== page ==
Acoma pots represent the apogee of traditional craft—the ideal marriage of function and form, perfected over generations of tutelage and practice. We are delighted to share this impeccable collection of Acoma pottery, produced by some of the art form’s most revered masters.
Swirling, black-and-white designs, hand-painted on thin, clay pottery, evoke thousands of years of culture and tradition. True to the past, these objects prove that simple methods can create objects of almost incomprehensible complexity. Atop a mesa on the Acoma Reservation, young potters carry on using ancestral methods. Water—needed to mix clay and activate mineral ink—is carried up from below. There is no electricity on the actual mesa. The artisans fire hand-formed pots of coiled clay—mixed with shards of pottery from previous generations to add strength—in ovens fueled by animal dung.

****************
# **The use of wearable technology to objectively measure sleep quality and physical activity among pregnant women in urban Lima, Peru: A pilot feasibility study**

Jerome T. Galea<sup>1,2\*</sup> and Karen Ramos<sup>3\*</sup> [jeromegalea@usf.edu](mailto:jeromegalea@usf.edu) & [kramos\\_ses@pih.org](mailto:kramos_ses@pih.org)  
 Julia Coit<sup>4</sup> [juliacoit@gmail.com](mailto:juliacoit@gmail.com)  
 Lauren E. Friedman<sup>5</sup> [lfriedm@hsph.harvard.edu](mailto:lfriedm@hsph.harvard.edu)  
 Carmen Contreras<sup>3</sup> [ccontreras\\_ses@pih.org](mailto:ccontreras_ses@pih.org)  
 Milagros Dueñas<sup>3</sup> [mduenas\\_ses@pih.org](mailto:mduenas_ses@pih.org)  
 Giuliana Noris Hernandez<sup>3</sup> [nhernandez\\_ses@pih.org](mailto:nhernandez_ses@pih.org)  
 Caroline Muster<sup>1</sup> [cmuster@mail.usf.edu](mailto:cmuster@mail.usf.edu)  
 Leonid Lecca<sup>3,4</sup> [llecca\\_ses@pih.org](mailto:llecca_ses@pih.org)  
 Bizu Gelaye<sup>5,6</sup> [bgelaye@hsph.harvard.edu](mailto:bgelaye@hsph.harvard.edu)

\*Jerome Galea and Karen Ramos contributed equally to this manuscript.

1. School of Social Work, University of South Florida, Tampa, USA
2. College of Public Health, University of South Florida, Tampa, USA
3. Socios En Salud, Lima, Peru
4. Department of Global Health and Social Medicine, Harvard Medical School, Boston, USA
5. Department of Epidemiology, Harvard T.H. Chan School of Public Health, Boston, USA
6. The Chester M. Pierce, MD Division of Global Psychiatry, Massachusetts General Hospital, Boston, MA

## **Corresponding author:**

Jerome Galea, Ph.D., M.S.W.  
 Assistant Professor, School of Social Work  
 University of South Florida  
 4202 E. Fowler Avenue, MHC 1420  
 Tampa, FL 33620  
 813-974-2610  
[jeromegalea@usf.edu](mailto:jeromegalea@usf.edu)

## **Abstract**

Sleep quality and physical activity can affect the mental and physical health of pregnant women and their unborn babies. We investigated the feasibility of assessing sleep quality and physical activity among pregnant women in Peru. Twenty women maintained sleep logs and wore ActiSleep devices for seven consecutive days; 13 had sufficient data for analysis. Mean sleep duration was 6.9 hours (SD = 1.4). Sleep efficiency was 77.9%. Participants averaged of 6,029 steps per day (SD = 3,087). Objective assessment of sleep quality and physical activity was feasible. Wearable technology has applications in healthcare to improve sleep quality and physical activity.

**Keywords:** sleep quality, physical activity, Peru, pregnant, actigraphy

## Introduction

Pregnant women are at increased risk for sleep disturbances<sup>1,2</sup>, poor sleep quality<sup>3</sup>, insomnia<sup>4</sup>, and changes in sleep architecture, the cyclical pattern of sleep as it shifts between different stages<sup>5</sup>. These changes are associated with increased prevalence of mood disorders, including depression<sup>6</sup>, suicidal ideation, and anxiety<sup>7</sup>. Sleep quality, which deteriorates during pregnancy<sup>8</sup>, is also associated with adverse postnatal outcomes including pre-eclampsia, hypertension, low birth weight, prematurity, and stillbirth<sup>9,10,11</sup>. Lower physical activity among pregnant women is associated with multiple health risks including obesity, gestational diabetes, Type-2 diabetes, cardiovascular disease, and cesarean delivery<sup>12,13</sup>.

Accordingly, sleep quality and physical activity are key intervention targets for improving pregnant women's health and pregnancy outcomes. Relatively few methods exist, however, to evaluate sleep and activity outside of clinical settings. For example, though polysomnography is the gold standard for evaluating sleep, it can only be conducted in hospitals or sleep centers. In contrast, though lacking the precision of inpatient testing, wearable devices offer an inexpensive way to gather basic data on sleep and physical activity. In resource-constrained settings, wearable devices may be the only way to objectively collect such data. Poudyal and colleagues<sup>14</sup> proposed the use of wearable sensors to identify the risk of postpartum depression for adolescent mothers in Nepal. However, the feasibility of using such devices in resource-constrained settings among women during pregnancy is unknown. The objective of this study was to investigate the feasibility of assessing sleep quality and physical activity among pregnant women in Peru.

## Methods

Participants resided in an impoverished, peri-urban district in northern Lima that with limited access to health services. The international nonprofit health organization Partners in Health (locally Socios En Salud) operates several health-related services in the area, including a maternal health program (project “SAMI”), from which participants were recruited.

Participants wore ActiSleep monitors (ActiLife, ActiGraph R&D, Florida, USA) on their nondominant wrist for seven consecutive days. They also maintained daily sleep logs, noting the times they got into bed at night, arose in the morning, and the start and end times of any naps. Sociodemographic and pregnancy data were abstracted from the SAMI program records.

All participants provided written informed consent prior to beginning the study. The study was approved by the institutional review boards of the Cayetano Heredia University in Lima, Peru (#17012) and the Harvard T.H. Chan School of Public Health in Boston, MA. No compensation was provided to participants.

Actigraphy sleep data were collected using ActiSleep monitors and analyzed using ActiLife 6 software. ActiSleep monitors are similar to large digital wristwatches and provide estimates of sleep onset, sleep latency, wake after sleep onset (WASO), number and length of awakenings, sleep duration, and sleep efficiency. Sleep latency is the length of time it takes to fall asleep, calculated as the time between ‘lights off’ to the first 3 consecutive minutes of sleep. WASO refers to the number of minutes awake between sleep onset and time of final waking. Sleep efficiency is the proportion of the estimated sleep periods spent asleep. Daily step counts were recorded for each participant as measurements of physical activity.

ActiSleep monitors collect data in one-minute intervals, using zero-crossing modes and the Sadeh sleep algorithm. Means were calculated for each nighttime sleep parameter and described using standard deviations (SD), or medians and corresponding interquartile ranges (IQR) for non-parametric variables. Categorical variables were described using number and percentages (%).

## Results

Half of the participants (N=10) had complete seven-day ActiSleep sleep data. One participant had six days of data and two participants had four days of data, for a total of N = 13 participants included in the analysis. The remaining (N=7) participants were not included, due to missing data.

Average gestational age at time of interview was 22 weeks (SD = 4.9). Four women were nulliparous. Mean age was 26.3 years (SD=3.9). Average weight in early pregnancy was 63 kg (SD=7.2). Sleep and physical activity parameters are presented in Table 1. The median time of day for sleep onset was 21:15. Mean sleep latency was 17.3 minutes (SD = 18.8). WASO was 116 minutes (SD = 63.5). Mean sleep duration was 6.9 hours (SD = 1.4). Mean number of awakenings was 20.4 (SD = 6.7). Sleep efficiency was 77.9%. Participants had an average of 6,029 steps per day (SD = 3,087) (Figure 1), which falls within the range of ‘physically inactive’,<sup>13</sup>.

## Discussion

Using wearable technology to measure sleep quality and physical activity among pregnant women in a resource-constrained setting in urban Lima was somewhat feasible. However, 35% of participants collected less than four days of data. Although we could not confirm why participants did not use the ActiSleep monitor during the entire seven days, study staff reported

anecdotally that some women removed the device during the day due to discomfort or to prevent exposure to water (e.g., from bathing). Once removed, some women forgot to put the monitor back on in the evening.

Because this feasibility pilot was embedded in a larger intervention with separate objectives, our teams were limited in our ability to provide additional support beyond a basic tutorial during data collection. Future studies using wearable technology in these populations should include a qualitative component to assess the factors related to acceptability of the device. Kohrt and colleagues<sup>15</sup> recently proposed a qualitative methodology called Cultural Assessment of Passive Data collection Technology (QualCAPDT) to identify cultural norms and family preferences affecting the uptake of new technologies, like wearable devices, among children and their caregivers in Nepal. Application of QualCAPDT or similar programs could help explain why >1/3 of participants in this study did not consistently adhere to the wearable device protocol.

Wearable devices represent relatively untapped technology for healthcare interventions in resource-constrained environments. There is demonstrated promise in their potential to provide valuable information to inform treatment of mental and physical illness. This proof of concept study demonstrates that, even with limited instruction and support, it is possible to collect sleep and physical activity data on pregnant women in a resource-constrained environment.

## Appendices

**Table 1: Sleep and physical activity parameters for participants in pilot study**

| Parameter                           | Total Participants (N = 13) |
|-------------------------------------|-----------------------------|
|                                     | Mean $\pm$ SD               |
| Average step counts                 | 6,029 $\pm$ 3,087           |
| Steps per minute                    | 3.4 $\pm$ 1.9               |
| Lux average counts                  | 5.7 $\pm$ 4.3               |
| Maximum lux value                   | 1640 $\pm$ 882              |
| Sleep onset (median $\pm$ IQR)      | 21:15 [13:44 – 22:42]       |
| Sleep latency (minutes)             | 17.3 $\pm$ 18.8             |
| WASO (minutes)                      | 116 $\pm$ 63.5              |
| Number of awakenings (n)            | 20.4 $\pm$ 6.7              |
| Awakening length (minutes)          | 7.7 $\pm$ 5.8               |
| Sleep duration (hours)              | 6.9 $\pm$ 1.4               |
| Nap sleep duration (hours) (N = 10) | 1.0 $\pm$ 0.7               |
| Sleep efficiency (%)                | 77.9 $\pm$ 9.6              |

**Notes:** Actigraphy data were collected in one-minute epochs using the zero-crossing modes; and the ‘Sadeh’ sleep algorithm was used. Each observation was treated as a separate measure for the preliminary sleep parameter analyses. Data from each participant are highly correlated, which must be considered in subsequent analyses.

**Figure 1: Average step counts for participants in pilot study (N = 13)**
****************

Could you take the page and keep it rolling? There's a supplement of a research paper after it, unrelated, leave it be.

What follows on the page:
In the 1950s, four matriarchs born around the turn of the 20th century resurrected their ancestors’ ancient ceramic art. Marie Z. Chino, Lucy Lewis, Jesse Garcia and Juana Leno learned and taught, practiced and perfected skills that would lead to an artistic and economic awakening—bequeathing a rich heritage to a new generation.
Today, generations of Acoma artisans, many descended from the Four Matriarchs, chew on yucca plants to create paintbrushes and work freehand, without models, diagrams or digital patterns. The result is that young Acoma potters such as Paula Esteven are taking an art form to new heights—one that is always appreciative and respectful of their roots and history.
Photographs in order of sequence : Jim Franco; Edward S. Curtis’s ‘The North American Indian’;
Anna Morasutti; Gentl + Hyers; Adam Reichardt